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LA Theater Review

LA Review: 'Walking on Turtle Island'

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LA Review: 'Walking on Turtle Island'
Photo Source: Craig Schwartz
Most of us probably haven't heard these stories all that often, about the origins and people of a land the Native Americans know as Turtle Island. But whether we realize it or not, we're all very familiar with the place itself. It's the "confused and tragic reality they called America." Robert Owens-Greygrass' collection of tales circles the lives of four contemporary characters who inhabit it. The journey is led by the writer-performer as a wry modern spirit guide who has traveled through the Trail of Tears and Wounded Knee into the information age. "Walking on Turtle Island" isn't so much about characterization, however, as it is about the stories themselves. And they're told with a marvelous energy and gentle humor that's thoroughly involving.

In the first tale, of a young Lakota boy and his dog, we're brought into a world where "res talk" and elders co-exist, dreams are as real as a cup of coffee, and a boy learns the value of tears from his grandfather. An 80-year-old Ojibwe woman in Minnesota gives us a look into her childhood, a time when shiny new reservations were held out like carrots by the U.S. government. Her people had three choices: assimilation, exile, or death. Through this delicate yet weighty piece we're confronted with the universal challenge of balancing the old and the new, as well as the importance of listening to the messages of nature and assimilating the lessons of the past. Our time spent with John—a revolutionary fighter who fled a reservation in Southern Oregon and was sent to Alcatraz—is hard to grab hold of, but Owens-Greygrass then gives us another prisoner with whom we connect. This half-white, half–Lakota Sioux wakes up drunk in a Nebraska jail. With a little help from the spirits—the kind not in a bottle—he remembers that he is an Indian, a dancer, and a poet.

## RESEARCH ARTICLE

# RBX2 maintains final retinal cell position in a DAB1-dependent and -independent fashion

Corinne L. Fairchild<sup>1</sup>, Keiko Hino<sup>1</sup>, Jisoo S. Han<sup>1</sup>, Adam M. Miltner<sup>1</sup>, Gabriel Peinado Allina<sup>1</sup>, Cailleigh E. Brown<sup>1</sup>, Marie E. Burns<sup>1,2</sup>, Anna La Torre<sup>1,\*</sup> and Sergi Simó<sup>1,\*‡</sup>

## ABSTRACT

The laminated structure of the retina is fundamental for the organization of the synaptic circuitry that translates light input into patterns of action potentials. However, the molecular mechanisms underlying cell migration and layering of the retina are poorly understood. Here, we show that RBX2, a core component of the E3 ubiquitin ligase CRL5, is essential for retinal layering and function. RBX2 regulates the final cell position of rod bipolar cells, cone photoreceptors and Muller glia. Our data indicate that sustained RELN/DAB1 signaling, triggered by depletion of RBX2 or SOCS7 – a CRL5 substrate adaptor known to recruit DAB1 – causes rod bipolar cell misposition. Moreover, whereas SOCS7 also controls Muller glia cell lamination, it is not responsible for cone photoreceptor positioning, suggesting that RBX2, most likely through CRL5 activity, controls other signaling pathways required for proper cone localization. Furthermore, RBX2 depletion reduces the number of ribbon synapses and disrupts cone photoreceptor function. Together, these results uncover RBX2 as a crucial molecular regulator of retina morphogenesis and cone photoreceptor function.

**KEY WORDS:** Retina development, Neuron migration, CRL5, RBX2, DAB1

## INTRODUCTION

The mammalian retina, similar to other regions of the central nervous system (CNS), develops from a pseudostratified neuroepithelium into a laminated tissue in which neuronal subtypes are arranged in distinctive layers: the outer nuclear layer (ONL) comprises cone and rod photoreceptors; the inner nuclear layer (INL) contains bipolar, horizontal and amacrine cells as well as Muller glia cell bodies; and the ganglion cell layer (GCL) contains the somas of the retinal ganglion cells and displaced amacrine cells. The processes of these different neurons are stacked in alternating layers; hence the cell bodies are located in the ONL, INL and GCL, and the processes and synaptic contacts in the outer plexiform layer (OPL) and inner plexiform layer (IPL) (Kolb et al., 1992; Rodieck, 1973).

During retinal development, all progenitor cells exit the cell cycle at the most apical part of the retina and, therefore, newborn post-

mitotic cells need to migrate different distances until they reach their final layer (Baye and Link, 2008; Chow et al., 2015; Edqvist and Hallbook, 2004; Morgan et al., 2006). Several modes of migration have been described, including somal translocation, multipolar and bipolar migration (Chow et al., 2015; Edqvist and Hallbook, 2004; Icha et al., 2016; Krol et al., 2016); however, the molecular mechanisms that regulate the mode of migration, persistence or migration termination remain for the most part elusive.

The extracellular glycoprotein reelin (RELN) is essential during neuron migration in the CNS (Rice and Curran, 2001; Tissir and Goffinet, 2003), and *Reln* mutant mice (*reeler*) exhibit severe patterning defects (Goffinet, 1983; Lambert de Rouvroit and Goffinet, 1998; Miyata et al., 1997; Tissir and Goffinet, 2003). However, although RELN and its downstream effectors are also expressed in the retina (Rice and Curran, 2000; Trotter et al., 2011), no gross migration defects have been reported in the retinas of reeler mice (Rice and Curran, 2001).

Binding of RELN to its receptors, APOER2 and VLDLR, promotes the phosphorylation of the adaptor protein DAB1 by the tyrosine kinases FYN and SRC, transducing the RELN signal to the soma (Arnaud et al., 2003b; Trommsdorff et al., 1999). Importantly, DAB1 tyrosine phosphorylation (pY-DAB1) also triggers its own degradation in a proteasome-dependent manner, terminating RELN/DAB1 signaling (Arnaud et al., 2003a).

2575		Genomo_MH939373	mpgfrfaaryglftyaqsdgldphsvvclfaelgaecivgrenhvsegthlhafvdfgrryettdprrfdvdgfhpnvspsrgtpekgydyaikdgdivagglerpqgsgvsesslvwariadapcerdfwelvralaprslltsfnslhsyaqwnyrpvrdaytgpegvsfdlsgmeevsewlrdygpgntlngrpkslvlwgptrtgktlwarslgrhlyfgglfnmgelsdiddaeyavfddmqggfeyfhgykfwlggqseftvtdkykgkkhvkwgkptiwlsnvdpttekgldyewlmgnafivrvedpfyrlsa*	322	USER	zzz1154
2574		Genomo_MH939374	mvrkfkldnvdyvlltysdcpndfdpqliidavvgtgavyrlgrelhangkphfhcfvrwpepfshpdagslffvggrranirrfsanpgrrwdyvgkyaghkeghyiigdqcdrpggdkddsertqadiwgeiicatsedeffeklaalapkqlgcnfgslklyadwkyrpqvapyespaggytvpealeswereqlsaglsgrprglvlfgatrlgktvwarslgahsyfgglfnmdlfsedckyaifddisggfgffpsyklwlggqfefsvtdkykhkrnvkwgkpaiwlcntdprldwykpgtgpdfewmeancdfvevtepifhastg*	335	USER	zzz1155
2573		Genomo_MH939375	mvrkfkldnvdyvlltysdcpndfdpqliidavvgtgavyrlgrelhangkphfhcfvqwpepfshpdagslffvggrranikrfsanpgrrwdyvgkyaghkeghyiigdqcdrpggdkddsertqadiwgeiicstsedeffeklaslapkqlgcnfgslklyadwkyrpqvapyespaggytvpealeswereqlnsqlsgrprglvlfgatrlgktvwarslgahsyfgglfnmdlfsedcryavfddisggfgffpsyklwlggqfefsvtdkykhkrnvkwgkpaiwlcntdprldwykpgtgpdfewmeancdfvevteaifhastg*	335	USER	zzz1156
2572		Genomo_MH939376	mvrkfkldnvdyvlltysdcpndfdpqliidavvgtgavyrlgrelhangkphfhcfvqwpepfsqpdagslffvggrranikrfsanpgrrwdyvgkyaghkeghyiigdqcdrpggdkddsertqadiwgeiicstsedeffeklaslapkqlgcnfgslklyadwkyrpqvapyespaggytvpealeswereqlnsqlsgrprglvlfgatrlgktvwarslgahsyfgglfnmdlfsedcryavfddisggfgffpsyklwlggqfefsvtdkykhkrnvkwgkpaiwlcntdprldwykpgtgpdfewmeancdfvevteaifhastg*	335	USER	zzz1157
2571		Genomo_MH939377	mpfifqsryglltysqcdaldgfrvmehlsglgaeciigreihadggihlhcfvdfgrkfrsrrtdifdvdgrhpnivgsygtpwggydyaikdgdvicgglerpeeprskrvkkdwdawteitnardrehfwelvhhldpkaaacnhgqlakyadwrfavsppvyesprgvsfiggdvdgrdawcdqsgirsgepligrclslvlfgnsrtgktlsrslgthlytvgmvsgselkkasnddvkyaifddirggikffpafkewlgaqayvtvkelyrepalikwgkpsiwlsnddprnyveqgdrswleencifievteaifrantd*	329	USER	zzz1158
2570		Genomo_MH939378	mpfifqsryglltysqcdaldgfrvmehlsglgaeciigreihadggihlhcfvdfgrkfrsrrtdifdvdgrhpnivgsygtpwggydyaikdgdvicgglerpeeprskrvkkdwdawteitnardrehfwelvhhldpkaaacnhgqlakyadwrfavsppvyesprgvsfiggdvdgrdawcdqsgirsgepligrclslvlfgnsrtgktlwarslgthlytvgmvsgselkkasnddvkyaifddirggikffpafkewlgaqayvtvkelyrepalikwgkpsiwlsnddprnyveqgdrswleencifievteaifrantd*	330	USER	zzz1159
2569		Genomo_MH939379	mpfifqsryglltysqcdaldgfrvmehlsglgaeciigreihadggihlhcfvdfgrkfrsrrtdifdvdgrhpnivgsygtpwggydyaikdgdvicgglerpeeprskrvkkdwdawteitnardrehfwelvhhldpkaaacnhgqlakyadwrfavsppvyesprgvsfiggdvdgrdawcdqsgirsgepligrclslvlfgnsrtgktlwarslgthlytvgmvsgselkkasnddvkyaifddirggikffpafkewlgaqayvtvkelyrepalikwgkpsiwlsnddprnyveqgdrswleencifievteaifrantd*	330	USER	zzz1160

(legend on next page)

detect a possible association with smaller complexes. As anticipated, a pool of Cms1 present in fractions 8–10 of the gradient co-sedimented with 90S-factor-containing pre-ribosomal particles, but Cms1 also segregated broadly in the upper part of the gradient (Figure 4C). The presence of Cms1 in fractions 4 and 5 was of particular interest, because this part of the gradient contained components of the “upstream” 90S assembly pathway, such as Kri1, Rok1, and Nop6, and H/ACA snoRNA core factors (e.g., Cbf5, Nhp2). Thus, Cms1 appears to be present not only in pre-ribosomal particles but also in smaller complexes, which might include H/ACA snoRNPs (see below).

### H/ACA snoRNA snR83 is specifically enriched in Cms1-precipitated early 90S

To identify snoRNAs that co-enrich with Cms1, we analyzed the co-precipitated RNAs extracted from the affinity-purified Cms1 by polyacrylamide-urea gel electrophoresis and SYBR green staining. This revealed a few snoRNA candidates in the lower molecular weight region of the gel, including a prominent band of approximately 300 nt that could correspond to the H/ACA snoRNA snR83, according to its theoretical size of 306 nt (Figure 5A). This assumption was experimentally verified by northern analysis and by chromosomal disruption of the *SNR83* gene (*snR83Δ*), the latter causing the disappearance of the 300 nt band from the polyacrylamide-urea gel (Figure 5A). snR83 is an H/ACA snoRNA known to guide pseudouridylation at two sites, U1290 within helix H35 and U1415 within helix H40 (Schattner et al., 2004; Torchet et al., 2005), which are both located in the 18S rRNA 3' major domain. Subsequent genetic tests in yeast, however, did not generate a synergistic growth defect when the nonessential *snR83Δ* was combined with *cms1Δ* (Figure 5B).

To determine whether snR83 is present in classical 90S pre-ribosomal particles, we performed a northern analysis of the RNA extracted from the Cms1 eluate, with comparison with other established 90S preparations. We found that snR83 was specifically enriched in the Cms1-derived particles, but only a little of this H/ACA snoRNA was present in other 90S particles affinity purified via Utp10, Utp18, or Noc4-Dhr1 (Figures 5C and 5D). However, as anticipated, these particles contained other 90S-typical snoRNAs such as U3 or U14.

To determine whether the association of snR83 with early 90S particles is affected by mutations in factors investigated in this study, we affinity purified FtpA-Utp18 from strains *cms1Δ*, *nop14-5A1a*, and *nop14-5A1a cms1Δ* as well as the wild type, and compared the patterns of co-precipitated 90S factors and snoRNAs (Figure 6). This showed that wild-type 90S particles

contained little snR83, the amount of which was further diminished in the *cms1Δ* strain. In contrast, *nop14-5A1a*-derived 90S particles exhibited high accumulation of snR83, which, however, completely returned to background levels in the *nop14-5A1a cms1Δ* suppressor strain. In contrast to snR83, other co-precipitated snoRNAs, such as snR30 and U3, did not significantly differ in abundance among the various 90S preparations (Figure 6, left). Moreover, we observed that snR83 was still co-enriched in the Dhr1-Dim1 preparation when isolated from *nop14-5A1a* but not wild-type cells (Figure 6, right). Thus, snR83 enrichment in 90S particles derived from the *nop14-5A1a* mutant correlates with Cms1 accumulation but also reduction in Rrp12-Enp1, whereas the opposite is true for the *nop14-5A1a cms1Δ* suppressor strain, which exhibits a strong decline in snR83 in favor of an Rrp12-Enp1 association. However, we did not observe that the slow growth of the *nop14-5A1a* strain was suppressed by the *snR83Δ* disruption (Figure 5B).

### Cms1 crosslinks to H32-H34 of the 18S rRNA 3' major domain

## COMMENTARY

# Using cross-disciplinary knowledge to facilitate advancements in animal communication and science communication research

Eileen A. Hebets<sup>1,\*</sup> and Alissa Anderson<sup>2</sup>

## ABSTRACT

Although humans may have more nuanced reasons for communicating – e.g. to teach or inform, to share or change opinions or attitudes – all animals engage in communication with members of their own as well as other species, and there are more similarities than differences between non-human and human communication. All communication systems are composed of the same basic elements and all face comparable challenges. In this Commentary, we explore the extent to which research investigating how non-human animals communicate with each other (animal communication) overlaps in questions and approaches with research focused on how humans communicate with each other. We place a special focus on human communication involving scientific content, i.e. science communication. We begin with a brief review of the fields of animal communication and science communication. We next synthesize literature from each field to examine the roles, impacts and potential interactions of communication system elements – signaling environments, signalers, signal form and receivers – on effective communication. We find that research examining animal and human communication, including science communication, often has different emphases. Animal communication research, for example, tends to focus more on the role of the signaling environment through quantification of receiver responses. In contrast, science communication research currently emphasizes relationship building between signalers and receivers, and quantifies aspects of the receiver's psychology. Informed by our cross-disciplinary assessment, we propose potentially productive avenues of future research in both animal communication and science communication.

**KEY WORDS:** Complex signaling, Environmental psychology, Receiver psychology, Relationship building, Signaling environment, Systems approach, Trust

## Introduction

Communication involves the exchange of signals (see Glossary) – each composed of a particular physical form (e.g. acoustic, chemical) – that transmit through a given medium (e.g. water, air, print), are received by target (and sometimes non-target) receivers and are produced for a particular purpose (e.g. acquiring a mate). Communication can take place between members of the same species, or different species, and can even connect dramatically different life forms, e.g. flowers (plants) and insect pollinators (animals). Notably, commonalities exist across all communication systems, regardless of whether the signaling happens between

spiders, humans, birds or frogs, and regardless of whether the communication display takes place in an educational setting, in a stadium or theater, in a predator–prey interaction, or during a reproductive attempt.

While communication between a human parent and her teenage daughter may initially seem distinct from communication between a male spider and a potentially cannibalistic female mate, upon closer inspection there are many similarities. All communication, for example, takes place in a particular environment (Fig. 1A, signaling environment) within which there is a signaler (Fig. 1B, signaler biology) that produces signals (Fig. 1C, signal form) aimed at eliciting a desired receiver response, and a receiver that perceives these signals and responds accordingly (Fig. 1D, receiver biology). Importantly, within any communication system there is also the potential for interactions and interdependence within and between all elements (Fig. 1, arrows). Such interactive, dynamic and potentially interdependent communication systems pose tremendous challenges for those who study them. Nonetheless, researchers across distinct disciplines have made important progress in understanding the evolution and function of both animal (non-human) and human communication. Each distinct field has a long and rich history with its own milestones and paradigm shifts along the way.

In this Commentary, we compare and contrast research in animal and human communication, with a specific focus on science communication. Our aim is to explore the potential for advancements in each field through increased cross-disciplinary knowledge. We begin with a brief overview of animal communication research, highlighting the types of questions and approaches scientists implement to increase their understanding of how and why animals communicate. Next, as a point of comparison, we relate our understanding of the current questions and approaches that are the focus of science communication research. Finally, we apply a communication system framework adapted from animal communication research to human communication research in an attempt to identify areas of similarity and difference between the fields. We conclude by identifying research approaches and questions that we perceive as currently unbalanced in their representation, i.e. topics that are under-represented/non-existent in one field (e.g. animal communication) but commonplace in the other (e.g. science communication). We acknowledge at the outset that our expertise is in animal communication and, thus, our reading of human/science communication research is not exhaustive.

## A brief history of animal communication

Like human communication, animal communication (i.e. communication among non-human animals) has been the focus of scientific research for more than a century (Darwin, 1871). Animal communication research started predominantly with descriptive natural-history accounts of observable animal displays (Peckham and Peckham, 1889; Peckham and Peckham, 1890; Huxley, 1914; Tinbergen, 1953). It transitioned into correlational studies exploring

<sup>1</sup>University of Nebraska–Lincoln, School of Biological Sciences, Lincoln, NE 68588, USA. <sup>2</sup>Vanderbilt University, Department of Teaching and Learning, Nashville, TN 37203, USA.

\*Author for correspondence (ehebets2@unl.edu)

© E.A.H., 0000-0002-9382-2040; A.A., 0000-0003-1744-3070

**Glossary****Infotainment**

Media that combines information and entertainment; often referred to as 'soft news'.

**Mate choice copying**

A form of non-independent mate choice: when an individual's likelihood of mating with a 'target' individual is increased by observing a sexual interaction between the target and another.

Director Kevin Sifuentes' simple staging brings a nice level of theatricality to the performer's fluid, personal style, and Susan Scharpf's attractive set creates a good space for storytelling. "Walking on Turtle Island" moves nicely and comfortably down a path that if not mind-blowing or groundbreaking is memorable in just the right way.

Presented by Native Voices at the Autry at the Wells Fargo Theatre, Autry National Center, 4700 Western Heritage Way, L.A. March 3–18. Thu., 8 p.m.; Sat. and Sun., 2 p.m. (323) 667-2000 ext. 354 or www.theautry.org.

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